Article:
It’s garnered a truckload of consumer media buzz recently because developers claim it’s the most sophisticated augmented reality headset in development so far. Company literature plays up the stereoscopic 3D view that presents unique, parallel three-dimensional images for each eye the same way our eyes perceive images in the real world. The imagery spans approximately 100 degrees, stretching beyond a person’s peripheral view.
The consumer gaming community probably won’t be able to enjoy the Rift until at least later this year, but gamers aren’t the only ones interested. Facebook bought Oculus VR earlier this year for $2 billion, presumably to enhance the social networking experience beyond instant messaging and random status updates.
But around the world, the military’s already adapted the technology for training and intelligence purposes, indicating that the Rift’s reach will extend to the highest levels of government.
Here are three places where trainees are using the headset to hone their skills:
- The Norwegian Army is testing the Rift’s application in tank driving scenarios. M-113 drivers navigated using Rift goggles that were connected to image processing software and external cameras that captured tank surroundings. Thanks to the set-up’s situational awareness, vehicle operators could maneuver independently without needing verbal commands. Testers experienced some dizziness and noticed that the goggles lacked screen resolution to see well at distances, but they believe these bugs can be fixed in time.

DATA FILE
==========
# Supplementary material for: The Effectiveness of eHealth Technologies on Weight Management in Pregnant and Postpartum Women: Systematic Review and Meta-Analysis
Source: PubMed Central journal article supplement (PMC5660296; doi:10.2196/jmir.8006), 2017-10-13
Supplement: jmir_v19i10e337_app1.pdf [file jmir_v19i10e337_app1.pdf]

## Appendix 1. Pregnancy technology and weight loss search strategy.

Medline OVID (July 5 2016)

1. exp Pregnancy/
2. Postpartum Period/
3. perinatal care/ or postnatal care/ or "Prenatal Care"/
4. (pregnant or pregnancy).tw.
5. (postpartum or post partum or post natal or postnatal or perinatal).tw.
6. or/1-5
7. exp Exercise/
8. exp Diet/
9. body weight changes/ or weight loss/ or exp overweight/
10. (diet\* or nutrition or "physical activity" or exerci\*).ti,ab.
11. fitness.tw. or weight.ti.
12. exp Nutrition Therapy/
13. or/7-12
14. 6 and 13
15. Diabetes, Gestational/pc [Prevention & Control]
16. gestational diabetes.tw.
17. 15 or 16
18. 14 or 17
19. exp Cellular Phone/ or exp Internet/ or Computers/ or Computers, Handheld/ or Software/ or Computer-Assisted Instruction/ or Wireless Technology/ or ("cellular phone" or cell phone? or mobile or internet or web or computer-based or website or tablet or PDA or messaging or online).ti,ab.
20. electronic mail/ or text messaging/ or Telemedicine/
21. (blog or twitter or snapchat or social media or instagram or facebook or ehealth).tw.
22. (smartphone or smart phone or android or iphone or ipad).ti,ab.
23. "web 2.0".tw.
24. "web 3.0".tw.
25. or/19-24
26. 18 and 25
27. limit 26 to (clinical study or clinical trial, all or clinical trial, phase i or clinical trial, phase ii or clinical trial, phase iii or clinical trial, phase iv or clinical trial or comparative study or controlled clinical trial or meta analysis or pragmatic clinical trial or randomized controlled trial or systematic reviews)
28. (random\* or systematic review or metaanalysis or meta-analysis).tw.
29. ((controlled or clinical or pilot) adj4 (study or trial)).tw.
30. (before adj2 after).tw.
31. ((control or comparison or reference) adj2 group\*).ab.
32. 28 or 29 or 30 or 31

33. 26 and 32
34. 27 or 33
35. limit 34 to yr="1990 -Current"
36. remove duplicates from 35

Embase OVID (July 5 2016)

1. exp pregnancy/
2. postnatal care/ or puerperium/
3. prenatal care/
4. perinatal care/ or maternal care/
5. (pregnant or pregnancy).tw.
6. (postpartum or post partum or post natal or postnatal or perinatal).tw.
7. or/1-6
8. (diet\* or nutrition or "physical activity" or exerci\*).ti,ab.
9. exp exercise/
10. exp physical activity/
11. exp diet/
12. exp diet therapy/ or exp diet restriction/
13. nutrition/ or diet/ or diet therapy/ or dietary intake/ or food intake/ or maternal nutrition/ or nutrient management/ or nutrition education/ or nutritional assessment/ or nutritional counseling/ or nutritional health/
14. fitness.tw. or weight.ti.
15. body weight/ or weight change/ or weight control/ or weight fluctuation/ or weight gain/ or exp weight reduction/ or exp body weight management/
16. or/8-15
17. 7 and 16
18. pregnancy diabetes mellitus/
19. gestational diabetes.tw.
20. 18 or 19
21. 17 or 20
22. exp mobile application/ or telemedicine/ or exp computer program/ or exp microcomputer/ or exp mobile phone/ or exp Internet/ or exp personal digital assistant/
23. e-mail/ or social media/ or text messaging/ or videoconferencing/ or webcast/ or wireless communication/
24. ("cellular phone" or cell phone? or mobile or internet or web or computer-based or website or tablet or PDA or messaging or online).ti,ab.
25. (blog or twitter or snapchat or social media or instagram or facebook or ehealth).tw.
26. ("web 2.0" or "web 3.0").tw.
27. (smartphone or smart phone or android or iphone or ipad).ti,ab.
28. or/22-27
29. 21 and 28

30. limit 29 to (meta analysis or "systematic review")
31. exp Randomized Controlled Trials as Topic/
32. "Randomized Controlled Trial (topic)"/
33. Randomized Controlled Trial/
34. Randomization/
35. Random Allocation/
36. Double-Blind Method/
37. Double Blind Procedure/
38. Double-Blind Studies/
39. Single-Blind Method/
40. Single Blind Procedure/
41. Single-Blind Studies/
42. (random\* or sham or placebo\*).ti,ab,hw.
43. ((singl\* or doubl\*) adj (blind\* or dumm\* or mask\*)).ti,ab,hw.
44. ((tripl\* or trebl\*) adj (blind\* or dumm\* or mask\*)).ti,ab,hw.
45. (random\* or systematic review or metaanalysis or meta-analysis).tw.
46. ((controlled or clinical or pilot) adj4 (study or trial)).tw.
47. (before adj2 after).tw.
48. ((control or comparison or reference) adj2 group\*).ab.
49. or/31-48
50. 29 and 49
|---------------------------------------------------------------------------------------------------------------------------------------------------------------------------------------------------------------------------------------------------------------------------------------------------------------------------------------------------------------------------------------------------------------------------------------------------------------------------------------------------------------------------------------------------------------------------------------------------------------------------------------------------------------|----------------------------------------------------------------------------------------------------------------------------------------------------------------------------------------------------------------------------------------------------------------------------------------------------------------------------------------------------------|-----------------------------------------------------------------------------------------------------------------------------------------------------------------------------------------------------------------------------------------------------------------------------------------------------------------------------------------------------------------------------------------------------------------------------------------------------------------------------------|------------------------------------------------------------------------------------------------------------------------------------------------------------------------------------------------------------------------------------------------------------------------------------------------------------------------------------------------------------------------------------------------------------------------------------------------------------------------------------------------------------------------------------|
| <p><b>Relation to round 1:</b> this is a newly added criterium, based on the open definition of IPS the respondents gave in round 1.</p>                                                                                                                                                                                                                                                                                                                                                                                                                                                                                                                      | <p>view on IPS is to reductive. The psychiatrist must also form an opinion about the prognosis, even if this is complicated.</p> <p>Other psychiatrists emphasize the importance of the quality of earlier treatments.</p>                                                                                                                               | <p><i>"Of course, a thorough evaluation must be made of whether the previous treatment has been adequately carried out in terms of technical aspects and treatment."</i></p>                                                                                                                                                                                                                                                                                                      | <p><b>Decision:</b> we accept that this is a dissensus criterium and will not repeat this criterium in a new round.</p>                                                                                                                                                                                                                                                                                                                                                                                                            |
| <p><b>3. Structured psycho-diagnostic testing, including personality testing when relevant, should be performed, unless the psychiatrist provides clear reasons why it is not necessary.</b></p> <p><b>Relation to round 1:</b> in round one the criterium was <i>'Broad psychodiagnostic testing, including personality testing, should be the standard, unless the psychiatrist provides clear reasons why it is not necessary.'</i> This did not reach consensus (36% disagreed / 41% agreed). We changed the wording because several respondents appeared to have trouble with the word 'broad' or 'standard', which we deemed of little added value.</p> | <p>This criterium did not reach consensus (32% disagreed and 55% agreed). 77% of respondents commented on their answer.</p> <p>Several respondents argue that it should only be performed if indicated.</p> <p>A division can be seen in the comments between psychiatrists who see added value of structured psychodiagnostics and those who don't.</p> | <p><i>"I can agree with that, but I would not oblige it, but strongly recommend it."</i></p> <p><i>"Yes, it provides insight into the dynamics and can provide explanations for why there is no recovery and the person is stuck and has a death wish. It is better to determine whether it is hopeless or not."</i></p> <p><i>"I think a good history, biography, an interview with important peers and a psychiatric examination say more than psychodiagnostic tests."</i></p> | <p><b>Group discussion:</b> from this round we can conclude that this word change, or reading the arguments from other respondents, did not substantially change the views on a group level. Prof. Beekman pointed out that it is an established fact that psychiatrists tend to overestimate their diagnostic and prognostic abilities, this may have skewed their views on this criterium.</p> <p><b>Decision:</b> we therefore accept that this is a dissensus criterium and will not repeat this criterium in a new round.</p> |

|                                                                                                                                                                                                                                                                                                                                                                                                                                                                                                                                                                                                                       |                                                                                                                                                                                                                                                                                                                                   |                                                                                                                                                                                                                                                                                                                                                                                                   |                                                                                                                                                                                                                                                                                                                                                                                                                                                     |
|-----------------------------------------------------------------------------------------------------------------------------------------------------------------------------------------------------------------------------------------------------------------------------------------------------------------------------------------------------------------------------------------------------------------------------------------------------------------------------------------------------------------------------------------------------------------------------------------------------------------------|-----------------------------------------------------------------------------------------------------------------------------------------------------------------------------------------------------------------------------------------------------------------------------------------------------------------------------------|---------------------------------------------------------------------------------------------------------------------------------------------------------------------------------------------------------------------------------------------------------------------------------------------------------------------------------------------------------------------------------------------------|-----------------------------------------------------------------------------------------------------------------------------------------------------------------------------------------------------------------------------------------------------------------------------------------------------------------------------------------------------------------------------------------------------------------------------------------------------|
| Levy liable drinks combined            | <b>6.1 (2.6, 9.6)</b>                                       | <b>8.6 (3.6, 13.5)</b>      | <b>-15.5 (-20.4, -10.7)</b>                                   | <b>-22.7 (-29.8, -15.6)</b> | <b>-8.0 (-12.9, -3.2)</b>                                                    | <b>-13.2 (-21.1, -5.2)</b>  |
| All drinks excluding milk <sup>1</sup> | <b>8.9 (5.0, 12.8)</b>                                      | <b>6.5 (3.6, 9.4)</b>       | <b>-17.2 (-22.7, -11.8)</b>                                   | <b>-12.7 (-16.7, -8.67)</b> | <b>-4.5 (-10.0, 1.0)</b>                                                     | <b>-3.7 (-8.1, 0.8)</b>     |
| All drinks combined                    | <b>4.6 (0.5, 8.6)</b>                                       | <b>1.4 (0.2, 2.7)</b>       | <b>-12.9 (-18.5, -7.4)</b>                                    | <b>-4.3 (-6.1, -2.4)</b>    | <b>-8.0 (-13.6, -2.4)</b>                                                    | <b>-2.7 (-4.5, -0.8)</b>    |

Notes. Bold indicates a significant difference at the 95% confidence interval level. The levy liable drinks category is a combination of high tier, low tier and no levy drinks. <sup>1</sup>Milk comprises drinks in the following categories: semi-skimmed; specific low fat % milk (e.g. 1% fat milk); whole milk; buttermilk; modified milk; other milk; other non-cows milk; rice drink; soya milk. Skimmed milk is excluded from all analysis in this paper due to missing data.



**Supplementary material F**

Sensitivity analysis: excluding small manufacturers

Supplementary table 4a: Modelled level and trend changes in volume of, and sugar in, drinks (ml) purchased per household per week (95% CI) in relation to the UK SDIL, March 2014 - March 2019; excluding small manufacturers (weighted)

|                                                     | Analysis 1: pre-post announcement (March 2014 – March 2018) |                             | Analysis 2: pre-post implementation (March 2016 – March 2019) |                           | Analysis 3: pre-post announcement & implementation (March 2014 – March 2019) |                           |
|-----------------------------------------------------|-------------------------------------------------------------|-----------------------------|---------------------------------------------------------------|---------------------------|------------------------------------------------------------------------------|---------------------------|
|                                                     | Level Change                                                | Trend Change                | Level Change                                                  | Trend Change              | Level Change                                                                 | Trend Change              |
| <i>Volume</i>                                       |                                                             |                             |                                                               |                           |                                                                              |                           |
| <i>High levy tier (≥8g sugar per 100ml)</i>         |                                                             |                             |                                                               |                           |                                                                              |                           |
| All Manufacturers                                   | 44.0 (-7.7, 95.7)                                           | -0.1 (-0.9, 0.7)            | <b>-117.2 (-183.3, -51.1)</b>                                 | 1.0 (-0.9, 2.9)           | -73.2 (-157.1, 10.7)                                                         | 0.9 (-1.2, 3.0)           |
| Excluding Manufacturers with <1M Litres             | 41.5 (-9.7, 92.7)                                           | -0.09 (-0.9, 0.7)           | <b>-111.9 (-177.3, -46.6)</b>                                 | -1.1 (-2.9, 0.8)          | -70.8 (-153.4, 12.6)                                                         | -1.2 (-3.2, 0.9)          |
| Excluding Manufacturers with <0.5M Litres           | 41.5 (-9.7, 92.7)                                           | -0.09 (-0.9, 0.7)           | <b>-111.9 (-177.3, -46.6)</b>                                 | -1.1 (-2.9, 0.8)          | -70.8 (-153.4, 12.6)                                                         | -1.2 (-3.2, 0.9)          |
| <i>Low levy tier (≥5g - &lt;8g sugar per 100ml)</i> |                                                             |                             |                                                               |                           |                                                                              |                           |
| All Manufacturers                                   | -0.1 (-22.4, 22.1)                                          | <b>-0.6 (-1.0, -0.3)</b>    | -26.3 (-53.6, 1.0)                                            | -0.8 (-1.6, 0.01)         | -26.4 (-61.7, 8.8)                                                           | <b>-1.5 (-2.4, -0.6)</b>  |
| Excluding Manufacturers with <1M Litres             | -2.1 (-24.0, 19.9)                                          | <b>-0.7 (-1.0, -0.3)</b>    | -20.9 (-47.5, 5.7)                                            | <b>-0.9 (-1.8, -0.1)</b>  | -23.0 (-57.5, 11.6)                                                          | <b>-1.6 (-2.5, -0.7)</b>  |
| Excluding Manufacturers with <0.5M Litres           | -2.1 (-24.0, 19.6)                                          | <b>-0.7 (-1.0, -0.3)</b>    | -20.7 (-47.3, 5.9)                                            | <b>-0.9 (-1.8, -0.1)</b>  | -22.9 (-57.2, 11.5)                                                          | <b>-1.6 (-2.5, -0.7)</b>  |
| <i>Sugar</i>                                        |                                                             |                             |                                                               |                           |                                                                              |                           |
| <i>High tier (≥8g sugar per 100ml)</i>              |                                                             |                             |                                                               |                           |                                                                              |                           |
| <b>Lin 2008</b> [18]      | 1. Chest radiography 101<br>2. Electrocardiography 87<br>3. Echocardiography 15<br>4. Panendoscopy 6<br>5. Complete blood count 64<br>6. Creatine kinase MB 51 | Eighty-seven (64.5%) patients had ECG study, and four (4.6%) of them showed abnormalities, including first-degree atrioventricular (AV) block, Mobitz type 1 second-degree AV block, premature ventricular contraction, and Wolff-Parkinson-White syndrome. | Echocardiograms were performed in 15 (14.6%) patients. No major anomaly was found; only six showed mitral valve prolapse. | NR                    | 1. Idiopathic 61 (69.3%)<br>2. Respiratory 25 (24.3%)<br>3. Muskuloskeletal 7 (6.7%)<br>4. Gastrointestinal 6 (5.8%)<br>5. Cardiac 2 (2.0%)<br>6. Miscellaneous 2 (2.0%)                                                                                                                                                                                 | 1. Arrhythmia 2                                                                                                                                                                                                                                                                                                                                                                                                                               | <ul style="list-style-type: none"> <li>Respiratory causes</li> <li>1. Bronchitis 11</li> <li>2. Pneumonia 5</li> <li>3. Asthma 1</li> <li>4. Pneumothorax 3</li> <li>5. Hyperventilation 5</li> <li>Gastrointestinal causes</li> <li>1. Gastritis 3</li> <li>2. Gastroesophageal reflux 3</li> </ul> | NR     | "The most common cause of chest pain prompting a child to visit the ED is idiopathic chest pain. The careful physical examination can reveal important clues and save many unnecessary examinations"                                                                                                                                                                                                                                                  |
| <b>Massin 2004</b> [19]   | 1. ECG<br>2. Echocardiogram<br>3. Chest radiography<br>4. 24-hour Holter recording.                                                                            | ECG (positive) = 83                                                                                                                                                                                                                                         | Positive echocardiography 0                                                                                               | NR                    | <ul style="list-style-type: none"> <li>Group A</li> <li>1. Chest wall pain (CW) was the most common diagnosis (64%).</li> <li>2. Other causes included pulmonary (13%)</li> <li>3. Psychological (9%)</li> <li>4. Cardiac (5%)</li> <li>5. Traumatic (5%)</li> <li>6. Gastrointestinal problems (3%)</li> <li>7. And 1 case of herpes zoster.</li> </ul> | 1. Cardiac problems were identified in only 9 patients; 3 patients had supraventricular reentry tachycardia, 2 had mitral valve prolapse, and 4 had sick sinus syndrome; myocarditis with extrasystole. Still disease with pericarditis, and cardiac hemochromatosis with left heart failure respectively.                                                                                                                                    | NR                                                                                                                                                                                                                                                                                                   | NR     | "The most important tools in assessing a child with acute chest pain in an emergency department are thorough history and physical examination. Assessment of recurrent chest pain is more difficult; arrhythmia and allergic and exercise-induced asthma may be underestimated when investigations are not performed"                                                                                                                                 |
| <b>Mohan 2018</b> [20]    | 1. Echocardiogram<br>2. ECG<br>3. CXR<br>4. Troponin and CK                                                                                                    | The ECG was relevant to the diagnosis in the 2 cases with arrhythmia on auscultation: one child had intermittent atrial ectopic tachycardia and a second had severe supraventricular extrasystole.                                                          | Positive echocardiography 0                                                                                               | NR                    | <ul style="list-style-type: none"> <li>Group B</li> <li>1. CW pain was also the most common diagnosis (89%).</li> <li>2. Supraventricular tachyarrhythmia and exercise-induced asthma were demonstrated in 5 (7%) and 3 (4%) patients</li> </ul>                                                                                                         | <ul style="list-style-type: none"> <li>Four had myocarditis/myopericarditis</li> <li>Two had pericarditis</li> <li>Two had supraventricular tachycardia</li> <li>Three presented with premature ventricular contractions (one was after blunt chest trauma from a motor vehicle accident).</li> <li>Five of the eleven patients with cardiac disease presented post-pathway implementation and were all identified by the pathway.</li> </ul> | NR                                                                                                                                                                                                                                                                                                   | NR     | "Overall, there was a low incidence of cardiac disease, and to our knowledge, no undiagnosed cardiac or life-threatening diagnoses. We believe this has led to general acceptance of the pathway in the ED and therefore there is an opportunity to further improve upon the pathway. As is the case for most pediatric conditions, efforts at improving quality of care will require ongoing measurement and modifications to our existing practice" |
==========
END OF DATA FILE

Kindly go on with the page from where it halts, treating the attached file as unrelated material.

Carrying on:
- The United States Navy is using the Rift in a similar fashion to train sailors in Project Blue Shark. Future war fighters could drive or repair ships with three-dimensional awareness while communicating with others in real time thousands of miles away.
- It’s no secret that the American military is all about drones these days, and the private sector’s experimentation with the Rift could enhance the drones’ functionality. According to Digital Trends, many camera-equipped unmanned aerial vehicles (UAVs) need two people to operate: one to drive the drone, and one to control the camera. Norwegian researches, however, figured out a way to equip a drone with two cameras that forwarded images to the Rift and moved based on the headset wearer’s head movements. The process is still in its early stages, but refinements could lead to a wave of VR-enabled and controlled drones.